The project, which spans four states, is being purchased by the major wind developer Invenergy, and would deliver wind energy from Kansas to Missouri, Illinois and Indiana.
The Missouri Public Service Commission had previously rejected the link, saying approval must be gained first from individual counties on the route, despite commissioners admitting the Grain Belt would benefit the public and save energy costs.
An appeals court, and then the state supreme court, rejected the commission’s decision and ordered it to re-assess the project.
"There can be no debate that our energy future will require more diversity in energy resources, particularly renewable resources," the commissioners said in a joint statement on 20 March announcing their approval.
"Missouri’s Public Service Commission just handed consumers a big win by approving the Grain Belt Express project," said Amy Farrell, senior vice president of government and public affairs at trade body the American Wind Energy Association (AWEA).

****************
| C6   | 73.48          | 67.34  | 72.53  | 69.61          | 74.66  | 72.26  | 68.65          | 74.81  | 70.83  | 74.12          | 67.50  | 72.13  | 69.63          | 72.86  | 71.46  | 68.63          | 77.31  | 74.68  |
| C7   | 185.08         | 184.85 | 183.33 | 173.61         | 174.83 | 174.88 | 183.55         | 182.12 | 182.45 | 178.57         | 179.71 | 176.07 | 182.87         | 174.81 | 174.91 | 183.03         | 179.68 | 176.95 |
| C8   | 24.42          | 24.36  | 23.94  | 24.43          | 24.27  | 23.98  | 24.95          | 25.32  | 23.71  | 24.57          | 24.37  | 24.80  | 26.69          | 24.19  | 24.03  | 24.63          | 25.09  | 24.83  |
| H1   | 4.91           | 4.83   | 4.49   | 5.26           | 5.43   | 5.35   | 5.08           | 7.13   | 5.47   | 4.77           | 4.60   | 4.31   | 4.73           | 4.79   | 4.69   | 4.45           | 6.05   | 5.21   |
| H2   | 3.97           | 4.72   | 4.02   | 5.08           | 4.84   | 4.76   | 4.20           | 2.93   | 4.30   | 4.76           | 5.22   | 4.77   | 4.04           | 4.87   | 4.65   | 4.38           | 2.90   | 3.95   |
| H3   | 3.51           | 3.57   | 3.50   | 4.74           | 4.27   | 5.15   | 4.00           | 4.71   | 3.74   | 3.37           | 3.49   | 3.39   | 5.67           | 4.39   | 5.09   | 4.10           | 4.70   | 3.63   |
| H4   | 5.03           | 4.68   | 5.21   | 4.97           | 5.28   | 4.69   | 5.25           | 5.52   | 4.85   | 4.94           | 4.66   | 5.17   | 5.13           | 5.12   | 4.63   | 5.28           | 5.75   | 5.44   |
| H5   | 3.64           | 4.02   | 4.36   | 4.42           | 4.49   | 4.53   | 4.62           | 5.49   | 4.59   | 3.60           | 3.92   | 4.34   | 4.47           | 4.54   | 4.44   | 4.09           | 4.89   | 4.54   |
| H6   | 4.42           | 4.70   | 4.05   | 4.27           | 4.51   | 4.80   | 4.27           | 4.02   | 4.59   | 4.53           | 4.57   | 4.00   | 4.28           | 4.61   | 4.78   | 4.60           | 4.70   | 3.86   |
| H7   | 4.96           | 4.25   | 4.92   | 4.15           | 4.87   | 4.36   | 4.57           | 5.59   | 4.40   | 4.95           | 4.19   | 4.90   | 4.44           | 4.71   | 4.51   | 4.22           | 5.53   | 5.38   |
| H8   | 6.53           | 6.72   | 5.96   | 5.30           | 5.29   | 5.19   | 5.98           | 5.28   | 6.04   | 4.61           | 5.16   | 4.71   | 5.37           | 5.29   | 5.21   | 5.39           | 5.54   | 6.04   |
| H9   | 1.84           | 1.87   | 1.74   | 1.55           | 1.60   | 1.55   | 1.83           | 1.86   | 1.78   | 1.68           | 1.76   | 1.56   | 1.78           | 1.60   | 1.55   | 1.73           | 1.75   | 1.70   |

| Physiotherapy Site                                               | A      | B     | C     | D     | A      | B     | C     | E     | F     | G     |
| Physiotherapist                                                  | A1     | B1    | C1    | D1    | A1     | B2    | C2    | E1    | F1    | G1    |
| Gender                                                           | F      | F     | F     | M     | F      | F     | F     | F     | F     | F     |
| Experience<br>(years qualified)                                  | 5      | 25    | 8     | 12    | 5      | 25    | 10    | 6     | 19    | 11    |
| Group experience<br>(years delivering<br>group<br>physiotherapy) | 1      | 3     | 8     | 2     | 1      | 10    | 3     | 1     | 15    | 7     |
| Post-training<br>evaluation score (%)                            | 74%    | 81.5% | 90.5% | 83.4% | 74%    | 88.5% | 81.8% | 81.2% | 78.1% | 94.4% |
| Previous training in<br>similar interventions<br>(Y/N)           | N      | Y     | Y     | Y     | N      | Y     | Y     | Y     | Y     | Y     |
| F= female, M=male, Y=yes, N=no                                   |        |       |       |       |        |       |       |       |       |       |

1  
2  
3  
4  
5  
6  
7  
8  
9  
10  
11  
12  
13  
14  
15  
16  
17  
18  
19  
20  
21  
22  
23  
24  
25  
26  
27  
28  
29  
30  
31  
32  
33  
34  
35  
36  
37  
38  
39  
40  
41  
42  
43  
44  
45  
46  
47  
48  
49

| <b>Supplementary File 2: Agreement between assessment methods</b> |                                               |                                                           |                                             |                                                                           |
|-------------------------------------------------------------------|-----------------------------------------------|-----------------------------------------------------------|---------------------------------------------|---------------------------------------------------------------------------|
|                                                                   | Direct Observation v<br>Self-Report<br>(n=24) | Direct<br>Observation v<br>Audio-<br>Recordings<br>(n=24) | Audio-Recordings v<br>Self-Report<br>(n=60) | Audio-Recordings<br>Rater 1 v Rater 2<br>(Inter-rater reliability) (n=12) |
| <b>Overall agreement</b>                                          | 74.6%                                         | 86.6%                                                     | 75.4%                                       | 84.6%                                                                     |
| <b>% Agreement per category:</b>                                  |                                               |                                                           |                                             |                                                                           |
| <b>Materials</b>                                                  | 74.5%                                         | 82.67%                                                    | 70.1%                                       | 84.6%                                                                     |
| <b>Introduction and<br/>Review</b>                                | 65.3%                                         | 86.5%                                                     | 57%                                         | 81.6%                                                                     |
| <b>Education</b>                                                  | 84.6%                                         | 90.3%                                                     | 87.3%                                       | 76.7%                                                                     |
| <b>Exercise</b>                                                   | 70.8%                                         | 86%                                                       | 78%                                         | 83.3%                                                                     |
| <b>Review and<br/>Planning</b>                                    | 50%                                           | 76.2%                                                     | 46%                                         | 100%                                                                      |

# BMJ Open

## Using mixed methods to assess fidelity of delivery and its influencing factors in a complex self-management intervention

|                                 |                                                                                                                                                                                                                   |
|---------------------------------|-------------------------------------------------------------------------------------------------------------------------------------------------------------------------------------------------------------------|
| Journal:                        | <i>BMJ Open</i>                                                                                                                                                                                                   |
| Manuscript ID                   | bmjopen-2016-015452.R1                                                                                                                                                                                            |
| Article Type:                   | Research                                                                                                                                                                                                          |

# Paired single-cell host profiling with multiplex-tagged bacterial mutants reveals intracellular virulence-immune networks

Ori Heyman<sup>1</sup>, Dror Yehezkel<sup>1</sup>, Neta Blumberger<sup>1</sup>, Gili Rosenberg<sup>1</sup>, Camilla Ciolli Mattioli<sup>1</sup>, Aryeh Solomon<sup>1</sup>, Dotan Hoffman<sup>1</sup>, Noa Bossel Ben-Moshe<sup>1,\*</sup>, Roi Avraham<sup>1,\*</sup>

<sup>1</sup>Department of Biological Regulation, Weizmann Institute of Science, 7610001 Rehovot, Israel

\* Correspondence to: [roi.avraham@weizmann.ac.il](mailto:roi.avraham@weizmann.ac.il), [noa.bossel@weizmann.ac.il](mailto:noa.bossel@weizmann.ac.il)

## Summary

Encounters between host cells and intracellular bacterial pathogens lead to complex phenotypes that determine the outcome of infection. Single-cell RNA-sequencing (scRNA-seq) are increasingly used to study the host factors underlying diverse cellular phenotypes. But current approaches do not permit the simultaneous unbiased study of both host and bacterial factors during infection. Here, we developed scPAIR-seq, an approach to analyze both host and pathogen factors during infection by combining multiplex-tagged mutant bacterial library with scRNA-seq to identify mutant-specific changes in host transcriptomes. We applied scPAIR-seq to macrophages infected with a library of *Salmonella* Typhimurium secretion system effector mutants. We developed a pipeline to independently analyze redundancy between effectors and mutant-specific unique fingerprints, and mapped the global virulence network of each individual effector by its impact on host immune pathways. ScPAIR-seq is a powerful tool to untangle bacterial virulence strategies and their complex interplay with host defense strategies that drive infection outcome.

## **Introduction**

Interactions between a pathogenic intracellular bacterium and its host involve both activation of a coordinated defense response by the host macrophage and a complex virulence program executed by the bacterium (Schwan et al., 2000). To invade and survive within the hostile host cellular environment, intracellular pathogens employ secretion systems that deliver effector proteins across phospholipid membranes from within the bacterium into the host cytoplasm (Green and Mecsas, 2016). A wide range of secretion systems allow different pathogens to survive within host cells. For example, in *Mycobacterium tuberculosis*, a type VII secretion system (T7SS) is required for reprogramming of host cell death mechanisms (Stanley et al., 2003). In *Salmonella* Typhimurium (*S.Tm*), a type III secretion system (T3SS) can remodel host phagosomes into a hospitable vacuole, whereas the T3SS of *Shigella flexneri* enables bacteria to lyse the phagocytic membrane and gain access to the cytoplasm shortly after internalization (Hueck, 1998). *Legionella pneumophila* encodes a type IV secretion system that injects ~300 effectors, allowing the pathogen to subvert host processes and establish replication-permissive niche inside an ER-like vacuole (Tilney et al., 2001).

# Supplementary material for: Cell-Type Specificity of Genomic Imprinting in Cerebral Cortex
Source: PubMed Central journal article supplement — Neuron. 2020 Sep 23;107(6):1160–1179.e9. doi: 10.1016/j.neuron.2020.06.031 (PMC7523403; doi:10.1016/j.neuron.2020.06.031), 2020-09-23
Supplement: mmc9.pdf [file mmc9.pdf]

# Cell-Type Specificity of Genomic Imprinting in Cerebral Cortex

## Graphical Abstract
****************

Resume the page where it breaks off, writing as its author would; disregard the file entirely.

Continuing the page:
"Upgraded and new transmission lines open up America’s low-cost clean energy resources for consumers and make our grid even more resilient."
"America’s energy infrastructure needs a reboot to efficiently serve the 21st Century economy.
"But we can’t get there without transmission planning and permitting reforms at the regional and federal level. Regulatory decisions shouldn’t take years for projects so clearly in the public interest," Farrell added.
Opponents — mostly landowners who dislike compulsory land purchases — said they would take their objections to the Missouri Court of Appeals.
Grain Belt must still surmount several other hurdles before it can proceed.
It needs re-approval in Illinois, where an appeals court in 2018 overturned the previous regulatory approval.
The 4GW line could be completed by 2023, according to a representative for local utilities in Missouri.